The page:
It takes a lot of work to tire out a 5-year-old, as Doug Manring can tell you. During one 45-minute session at the private Merit School of Prince William in Woodbridge, his young charges hop like frogs, crawl like crabs, gallop in circles like horses and pound on a large drum.

By the time it's over, some of the children are panting dramatically, with tongues hanging out. But most look as though they're ready for a little more.

It's all a part of rizumu, a program combining dance, music, athletics and exercise that Manring learned during 14 years living and teaching in Tokyo.

Rizumu, the Japanese word for rhythm, is not that well-known, even in Japan. Nevertheless, Merit School Principal Patricia Dunn, who met Manring at a workshop in fall 2002, says that it's perfect for her students.

"It's natural movement," Dunn said. "We just don't see it anymore because of the lifestyles we lead."

The Merit School is owned by Minnieland Private Day School Inc., which runs day-care centers and schools throughout Northern Virginia and Maryland. It serves children in preschool through third grade.

In fall 2002, Dunn was looking for indoor activities for students after schools suspended outdoor recess during the sniper shootings. When she met Manring, she immediately asked him to bring his rizumu program to the school.

Rizumu uses traditional Japanese songs and instruments, the children's favorite being the odaiko, or "big drum." Thirty core movements mimic some of the same movements made by the very young when they are learning to run and walk.

The program preserves various aspects of Japanese culture and folklore, but Manring sees rizumu as more than just dance. It's a way to get children feeling comfortable with their bodies at a time when they are becoming more sedentary.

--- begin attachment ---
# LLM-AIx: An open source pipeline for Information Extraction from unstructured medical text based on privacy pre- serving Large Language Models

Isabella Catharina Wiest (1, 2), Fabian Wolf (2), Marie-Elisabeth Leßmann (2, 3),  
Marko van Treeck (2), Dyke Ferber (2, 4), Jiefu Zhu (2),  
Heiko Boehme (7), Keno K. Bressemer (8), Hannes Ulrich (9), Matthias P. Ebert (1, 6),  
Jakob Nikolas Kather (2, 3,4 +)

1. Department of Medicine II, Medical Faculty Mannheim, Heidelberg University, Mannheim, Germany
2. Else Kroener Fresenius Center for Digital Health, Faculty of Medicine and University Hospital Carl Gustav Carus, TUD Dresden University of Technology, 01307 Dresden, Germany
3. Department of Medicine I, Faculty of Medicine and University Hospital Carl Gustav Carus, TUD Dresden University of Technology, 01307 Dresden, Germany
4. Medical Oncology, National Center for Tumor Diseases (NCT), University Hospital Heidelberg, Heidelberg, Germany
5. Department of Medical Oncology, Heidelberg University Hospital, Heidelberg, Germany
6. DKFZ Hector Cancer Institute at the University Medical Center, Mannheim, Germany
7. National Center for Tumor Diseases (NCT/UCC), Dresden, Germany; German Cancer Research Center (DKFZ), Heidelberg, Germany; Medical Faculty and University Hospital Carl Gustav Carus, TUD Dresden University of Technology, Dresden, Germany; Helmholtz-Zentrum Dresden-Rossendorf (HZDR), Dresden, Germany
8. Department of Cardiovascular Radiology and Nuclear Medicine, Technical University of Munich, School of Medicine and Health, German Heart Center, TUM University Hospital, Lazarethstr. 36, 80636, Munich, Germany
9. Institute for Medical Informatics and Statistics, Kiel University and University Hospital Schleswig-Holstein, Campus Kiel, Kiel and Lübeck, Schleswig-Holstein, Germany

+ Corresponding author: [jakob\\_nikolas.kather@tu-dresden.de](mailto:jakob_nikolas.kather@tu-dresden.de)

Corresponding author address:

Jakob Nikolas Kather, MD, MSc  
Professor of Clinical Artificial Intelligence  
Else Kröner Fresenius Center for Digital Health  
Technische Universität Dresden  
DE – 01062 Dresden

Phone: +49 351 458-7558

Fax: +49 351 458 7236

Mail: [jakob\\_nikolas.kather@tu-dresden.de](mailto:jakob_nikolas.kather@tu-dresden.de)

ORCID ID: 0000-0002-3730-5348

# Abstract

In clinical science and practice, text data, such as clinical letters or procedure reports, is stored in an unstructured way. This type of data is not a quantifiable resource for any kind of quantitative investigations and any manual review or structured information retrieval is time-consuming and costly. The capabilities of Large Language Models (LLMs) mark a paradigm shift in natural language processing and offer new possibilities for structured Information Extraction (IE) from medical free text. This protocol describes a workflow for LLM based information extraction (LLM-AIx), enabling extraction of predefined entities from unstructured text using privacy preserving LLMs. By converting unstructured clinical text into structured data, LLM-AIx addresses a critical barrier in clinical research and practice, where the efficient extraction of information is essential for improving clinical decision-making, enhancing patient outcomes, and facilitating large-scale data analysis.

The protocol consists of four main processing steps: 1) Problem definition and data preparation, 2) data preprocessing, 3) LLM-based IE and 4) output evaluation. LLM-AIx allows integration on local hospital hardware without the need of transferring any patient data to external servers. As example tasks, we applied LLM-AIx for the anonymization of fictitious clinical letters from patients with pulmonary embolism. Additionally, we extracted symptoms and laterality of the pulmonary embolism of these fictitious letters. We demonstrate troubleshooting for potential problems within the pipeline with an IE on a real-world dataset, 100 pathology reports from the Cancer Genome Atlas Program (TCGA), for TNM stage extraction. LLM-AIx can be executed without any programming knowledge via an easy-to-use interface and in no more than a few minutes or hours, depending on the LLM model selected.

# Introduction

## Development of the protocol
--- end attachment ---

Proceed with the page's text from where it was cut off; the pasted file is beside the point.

It's definitely not delicate. Manring sometimes swings the children around; he also helps them do flips. "This is an age where we're very robust. These kids are very sturdy," he said.

"I think it's really cool. It's sort of like playground stuff," said 7-year-old Ravyn Tynes, a second-grader. "I sort of like the crab one, when you lie down."

Usually "Mr. Doug" is right there with them. "He just has a lot of energy. I don't know how," Ravyn said.

"I think it's really awesome, and it honors the Japanese people," said 8-year-old Ana McReynolds, who is in third grade. As for Mr. Doug, "He's really nice. He's fun all the time."

Christopher Ting, an 8-year-old third-grader, said he loves the drums and "when Mr. Doug says to do your own stuff," referring to a part in the session when children can make up their own dances.

The children had a chance to show off what they learned during a ceremony to mark the end of the year. Manring, who lives in Stafford County and teaches at a Fredericksburg Montessori school, said he plans to continue rizumu at Merit School through its summer camp program. When he's not working with children, he's a musician and music teacher based at Picker's Supply in Fredericksburg.

Manring said he hopes to form a group of adults who are interested in rizumu, after they see what it does for their children. "The program is designed to be cumulative," he said. "The value of this is doing it over time."

From left, kindergartners Donovan Kenerson, Gehrig Rankin, Jazlyn Ebron, William Brown, Breanna Amaro and Nicolas Campbell sing a song during a rizumu demonstration at the Merit School in Woodbridge.Doug Manring hoists Donovan Kenerson during a dance. Below left, Kelly Loewen and Amanda DuPont dance as Manring, below right, leads. From far left, third-graders Tyler Brainard, Christopher Ting and Justin Levitt help their classmates carry a drum as rizumu teacher Doug Manring beats it during a year-end ceremony at the Merit School in Woodbridge. At left, Manring helps students William Brown and Lois Parisot get in position before a dance. Rizumu, which combines dance, music, athletics and exercise, uses traditional Japanese songs and instruments.